Imagine you are a scientist in a miniature submarine, sinking slowly to the ocean floor. 90 minutes later, you have traveled almost two miles down and the water temperature outside your vessel is now barely above freezing. The bright search lights are turned on and you peer out into the murky water. You don't expect to find much life here; besides being extremely cold and dark, the pressure at this depth is 275 times that at sea level. As your submarine maneuvers around a rock formation, you see a smoking chimney of dark water rising from the ocean floor. A bizarre community of animals is gathered here — eight-foot-long red worms protruding from milky-white tubes, giant clams, big yellow jellyfish that look like dandelions hanging by strings and blind fish that resemble giant tadpoles.
In 1977, this imaginative journey came to life, as researchers aboard the deep-diving submarine Alvin discovered mysterious chimneys, or vents, and the incredible variety of life around them. Just as warm water is forced up to the earth's surface in the form of hot springs like "Old Faithful" in Yellowstone Park, these underwater vents are escape points for water trapped below the ocean floor. Heated by underground volcanic activity, this water may reach a temperature of 570 degrees Fahrenheit inside the vent, but then cools quickly when it mixes with the near-freezing water at the ocean floor. The area directly around these vents stays at about 55 degrees Fahrenheit.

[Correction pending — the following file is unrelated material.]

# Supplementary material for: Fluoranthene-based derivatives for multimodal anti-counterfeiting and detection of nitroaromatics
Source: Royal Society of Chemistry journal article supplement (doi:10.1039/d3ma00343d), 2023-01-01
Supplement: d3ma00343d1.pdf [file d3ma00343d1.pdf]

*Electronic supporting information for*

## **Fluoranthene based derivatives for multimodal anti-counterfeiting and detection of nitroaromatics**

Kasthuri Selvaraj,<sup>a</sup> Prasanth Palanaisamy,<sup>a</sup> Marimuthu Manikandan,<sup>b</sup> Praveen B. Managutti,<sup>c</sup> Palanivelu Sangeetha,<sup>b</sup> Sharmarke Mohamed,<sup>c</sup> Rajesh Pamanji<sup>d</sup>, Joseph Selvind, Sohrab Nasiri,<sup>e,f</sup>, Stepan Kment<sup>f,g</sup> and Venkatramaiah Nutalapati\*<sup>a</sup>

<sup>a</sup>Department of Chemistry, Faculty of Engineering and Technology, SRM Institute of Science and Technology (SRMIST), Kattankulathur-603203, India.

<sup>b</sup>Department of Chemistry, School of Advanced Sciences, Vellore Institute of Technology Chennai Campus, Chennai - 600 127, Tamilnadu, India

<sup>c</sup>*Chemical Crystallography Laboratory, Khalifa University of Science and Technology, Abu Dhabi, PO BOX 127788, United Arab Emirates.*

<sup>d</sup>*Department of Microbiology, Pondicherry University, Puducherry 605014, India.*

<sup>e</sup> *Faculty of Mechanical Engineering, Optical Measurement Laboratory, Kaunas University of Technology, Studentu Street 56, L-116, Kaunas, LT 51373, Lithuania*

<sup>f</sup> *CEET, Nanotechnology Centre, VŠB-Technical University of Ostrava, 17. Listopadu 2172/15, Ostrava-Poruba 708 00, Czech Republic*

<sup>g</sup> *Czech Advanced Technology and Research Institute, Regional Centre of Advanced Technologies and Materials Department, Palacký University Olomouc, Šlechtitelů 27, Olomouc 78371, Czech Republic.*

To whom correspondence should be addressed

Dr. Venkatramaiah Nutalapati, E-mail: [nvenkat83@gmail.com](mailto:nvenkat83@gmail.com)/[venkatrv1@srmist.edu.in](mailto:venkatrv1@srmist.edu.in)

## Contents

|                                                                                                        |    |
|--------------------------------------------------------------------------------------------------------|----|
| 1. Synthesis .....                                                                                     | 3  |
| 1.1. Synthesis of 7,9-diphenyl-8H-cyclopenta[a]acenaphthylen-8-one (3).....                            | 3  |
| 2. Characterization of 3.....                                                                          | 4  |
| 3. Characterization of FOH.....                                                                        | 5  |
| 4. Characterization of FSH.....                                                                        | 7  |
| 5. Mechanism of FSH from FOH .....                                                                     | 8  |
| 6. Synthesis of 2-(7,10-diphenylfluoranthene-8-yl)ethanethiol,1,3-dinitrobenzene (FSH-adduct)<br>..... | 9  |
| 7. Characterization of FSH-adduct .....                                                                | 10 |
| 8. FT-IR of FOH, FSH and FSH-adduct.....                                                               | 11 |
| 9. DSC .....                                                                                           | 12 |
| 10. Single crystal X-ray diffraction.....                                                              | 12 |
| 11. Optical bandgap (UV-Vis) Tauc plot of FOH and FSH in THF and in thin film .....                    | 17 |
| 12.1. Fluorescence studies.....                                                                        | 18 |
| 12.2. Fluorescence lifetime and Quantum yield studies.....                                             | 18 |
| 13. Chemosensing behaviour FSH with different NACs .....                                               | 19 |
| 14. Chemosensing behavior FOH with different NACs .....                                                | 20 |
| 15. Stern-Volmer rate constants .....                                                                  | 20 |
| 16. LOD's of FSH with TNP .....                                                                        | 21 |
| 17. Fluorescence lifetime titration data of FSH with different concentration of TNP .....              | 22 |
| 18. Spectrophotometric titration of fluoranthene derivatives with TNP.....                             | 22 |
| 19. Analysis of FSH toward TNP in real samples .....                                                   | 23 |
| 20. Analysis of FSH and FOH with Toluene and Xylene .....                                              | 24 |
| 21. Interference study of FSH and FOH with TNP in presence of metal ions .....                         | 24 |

Biologists are very curious about the life around deep-sea vents. For example, how do these animals survive in this unusual environment? On earth, all life forms depend on energy from the sun to survive. The animals living near these underwater vents, however, seem to be an exception. Scientists, have discovered that the deep sea vent animals depend on chemicals in the water, rather than sunlight for energy. This process is called chemosynthesis. Research also indicates that the vents are not permanent and may close up 50-100 years after they break open. If they do close, where do the animals go? How do they live? Perhaps these questions will be answered as scientific explorations of the sea continue.
Do it yourself
Make a model of the hot water of a deep sea vent in the cold water of the ocean.
- One large glass container
- One small bottle
- Food coloring
- A piece of string
- Hot and cold water
Fill the large glass container with very cold water.
Tie one end of the string around the neck of the small bottle.
Fill the small bottle with hot water and add a few drops of food coloring.
Keeping the small bottle upright, carefully lower it into the glass container until it rests on the bottom.
Watch what happens. What does this tell you about deep sea vents?